Supreme Court Justice Anthony Kennedy, 81, had an admirable record of centrism that made it hard to predict court decisions on major questions such as same-sex marriage and abortion rights.

Other justices’ decisions were largely predictable based on their known political leanings. Kennedy, nominated by President Ronald Reagan, seemed to relish unpredictability and emerged the swing vote that made same-sex marriage the law of the land in 2015.

His 1992 flip vote solidified the court’s affirmation of women’s right to choose on abortions. “At the heart of liberty is the right to define one’s own concept of existence, of the universe, and of the mystery of human life,” he stated.

Polls consistently indicate that the vast majority of Americans adhere to middling political tendencies, and the balance of the court should reflect that.

Senate Minority Leader Chuck Schumer, D-N.Y., called Kennedy’s retirement “the most important vacancy on the Supreme Court in at least a generation.” He appeared to recommend delaying Senate confirmation of Trump’s nominee until after the November elections, in which control of both houses of Congress is up for grabs.

In other words, he wants the same unfair process to occur now that occurred in 2016 when Republicans stalled confirmation of Barack Obama’s Supreme Court nominee and handed the appointment to Trump. The delay wasn’t fair then, and it wouldn’t be fair now.

The stakes are exceedingly high. Sen. Richard Blumenthal, D-Conn., labeled the retirement “Earth-shaking & gut-wrenching,” and called on Trump to appoint “an open-minded & fair jurist in Justice Kennedy’s mold.”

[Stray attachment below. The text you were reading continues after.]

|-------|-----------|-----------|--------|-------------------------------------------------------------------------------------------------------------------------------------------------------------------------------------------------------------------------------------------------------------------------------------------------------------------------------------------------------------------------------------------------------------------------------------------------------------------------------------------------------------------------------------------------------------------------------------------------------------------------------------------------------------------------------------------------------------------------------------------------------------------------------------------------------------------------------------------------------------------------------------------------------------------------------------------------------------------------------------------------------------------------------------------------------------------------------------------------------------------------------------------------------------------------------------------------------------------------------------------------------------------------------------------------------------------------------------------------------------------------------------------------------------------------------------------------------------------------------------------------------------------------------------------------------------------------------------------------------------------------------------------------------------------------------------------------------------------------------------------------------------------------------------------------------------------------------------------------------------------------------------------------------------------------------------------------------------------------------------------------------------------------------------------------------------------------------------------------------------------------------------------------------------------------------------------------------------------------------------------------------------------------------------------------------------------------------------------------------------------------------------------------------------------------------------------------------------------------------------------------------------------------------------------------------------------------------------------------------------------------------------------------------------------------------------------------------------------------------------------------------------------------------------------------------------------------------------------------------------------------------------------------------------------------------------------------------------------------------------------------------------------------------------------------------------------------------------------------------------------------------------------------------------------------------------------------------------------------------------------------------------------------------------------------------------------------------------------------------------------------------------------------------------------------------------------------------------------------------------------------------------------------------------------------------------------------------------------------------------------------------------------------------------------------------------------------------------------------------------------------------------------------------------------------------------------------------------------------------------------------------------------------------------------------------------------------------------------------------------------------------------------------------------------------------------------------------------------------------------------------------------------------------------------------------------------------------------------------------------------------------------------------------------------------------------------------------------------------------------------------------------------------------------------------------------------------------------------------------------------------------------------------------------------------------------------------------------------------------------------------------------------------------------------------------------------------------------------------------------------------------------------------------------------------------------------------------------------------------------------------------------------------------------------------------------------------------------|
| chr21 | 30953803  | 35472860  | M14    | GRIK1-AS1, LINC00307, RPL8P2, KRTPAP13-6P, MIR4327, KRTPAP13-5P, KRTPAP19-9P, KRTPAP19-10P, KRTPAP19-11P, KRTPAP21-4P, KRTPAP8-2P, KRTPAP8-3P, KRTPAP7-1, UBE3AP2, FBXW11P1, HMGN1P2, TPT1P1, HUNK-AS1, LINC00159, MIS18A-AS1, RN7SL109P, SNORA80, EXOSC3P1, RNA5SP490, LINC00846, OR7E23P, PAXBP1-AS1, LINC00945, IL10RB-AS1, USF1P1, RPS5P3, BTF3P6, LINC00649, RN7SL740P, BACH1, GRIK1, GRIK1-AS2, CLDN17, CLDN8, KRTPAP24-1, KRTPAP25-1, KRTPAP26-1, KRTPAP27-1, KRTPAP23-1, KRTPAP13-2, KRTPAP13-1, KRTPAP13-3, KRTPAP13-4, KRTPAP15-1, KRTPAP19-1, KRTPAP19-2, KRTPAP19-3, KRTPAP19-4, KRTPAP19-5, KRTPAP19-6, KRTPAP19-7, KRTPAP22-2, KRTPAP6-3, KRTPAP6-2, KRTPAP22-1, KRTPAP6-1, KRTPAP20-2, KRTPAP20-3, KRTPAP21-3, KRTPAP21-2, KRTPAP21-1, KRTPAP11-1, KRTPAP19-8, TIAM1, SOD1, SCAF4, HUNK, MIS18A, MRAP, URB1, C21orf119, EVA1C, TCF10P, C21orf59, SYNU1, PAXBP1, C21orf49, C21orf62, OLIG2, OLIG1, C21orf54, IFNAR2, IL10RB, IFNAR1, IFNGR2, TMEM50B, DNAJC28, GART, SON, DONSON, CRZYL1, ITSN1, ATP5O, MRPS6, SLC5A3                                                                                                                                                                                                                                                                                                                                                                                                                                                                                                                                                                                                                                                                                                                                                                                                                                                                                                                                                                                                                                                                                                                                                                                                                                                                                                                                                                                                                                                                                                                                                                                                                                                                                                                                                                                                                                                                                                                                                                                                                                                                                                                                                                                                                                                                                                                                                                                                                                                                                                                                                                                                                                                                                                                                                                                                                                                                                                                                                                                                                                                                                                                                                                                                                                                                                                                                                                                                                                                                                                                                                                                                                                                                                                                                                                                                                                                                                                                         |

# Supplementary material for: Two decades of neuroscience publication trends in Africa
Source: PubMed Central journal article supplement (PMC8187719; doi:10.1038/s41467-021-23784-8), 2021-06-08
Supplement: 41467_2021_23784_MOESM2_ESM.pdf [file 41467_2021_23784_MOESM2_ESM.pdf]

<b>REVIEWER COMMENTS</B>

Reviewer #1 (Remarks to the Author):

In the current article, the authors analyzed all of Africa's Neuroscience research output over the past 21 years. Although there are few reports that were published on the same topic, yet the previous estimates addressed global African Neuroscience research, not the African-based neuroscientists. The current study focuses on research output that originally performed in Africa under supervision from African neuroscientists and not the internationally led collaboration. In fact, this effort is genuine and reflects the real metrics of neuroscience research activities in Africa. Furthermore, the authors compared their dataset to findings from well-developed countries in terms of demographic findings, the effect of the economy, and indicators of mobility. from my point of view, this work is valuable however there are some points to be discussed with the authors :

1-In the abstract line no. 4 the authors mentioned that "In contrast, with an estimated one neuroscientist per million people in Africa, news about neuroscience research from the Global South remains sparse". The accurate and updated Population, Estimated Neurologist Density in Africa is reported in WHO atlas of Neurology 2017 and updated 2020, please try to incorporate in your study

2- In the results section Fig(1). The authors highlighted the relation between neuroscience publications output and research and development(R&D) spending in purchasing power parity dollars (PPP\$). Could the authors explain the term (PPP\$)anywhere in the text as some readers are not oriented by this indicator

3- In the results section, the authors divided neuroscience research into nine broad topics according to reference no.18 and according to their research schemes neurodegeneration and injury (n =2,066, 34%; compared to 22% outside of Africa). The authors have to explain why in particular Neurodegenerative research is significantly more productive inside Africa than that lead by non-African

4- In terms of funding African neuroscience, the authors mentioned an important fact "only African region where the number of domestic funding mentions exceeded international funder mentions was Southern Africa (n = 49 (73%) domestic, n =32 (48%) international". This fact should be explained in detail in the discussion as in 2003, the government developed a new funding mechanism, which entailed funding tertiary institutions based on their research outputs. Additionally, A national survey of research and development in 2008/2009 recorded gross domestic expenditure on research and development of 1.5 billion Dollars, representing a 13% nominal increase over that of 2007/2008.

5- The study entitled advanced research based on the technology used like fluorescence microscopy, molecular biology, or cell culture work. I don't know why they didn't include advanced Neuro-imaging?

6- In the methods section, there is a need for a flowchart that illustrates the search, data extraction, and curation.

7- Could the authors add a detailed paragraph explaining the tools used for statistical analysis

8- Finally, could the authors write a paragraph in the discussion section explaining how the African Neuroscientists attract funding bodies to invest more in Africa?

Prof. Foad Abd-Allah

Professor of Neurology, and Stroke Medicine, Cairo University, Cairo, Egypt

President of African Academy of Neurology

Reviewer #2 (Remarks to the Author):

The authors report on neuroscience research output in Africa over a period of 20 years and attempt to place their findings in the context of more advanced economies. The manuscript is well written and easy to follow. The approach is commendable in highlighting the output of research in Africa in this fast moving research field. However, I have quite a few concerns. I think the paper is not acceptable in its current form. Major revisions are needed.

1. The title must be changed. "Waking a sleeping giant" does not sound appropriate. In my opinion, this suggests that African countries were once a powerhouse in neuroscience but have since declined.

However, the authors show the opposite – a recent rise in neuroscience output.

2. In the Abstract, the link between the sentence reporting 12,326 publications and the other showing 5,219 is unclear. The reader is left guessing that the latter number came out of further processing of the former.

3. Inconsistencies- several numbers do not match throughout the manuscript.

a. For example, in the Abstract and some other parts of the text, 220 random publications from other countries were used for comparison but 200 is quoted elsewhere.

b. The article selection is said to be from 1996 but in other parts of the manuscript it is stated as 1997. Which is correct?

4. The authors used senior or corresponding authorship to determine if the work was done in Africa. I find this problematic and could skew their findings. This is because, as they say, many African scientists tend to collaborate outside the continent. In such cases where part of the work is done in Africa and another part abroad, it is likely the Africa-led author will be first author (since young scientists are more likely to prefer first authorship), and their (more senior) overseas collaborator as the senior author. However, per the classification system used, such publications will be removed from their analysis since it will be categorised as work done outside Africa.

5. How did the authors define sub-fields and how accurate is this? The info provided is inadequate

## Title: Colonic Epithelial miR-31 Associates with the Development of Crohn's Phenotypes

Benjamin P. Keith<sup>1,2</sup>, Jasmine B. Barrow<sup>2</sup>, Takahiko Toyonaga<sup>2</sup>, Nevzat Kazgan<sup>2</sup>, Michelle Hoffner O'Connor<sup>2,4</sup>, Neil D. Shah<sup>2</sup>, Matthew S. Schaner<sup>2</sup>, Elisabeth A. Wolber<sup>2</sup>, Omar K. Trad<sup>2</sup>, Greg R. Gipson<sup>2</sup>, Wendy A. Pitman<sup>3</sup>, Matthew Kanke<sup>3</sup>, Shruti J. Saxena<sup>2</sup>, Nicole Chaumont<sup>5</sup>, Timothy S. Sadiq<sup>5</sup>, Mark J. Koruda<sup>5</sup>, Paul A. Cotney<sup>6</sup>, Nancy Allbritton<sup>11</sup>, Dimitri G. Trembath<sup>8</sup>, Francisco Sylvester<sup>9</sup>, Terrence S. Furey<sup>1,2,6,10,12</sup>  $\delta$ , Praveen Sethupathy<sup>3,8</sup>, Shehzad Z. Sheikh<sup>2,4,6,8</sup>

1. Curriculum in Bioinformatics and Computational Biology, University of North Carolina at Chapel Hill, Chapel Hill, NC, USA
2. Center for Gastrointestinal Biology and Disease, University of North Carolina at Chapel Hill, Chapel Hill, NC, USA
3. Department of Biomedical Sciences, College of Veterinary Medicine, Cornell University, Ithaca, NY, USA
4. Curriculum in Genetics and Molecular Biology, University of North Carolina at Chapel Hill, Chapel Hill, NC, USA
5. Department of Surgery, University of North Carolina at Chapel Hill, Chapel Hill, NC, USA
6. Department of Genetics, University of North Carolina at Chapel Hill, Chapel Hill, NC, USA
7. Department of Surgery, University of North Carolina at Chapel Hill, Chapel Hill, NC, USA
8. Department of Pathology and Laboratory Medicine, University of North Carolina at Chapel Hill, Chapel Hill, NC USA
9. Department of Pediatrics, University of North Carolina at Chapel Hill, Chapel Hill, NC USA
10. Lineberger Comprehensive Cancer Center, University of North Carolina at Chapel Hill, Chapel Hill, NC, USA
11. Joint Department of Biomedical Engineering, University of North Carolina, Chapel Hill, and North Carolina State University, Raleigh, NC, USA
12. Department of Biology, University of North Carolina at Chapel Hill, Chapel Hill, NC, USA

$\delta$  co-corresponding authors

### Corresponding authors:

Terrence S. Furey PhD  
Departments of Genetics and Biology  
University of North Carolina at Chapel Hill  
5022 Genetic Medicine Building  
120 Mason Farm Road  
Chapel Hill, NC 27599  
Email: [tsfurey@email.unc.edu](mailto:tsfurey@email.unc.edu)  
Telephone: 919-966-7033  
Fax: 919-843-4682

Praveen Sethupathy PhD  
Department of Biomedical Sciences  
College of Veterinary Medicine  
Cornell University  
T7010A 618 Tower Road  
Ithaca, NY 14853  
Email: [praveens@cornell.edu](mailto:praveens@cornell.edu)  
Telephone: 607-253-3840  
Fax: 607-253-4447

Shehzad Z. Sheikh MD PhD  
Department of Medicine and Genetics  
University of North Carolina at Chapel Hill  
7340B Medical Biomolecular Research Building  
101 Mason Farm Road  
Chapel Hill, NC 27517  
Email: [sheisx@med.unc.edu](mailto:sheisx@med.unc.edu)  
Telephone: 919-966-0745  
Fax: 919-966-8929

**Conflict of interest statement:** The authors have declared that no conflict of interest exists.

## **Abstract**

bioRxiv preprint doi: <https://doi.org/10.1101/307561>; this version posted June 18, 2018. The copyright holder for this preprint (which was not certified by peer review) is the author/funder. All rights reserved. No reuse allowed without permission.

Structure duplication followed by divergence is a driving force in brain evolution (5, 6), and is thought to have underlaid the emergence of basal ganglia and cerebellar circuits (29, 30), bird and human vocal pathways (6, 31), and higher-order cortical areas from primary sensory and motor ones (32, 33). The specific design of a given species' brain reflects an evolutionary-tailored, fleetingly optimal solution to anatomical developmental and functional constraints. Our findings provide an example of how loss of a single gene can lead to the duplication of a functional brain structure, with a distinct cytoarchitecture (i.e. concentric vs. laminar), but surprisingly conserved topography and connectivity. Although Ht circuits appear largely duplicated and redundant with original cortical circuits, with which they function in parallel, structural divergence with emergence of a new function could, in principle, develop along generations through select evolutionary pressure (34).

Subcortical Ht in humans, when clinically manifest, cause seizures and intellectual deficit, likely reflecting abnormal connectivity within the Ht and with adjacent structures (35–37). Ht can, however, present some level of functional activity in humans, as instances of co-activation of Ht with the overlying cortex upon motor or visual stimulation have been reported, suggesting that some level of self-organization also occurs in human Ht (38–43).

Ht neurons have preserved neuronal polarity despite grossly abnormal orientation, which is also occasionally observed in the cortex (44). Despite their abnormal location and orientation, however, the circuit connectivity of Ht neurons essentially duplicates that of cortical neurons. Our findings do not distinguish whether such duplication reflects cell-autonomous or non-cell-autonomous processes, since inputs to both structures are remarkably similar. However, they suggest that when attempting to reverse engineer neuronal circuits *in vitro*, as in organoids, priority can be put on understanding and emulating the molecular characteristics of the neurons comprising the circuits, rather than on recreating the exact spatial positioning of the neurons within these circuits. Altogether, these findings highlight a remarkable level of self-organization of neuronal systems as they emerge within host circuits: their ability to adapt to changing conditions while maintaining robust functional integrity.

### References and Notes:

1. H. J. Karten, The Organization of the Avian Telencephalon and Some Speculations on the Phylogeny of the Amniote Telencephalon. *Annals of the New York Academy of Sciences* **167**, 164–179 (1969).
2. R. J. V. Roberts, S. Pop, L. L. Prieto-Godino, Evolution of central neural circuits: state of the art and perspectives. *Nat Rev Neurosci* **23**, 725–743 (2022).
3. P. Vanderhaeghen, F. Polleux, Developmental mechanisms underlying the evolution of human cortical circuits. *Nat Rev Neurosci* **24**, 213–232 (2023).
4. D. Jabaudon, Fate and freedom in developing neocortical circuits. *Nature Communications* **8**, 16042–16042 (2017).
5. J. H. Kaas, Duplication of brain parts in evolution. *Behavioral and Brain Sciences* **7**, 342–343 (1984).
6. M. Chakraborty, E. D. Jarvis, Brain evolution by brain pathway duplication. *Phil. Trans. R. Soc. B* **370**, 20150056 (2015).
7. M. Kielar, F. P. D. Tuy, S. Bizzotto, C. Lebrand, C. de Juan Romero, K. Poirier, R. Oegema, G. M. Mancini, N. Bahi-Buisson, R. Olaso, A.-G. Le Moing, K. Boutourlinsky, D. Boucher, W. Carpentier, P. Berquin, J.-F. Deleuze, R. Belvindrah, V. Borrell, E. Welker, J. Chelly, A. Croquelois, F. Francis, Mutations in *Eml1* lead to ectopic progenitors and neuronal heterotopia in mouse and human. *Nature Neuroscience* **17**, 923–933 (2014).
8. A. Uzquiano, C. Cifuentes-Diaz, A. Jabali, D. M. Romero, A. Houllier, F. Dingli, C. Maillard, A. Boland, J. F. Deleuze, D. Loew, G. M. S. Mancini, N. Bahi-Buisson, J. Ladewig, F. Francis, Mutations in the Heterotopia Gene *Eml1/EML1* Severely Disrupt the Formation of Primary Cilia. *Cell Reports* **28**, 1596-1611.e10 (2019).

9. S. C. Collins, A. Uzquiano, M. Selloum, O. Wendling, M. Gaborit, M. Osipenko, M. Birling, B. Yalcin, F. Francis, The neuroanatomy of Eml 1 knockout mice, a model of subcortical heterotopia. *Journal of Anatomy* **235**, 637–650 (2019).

But the president, a former abortion-rights supporter, promised religious conservatives during the campaign that he would seek to overturn the landmark 1973 Roe v. Wade decision. It’s because of this specific issue that religious conservatives have consistently excused Trump’s other foibles and sins.

Now comes the test. Even before confirmation hearings begin on Trump’s nominee, we should expect hardline conservative state legislatures to start passing harsh anti-abortion laws — perhaps even an outright ban — in hopes of prompting a challenge that will wind up at the Supreme Court.

Editorial by the St. Louis Post-Dispatch

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Distributed by Tribune Content Agency, LLC.

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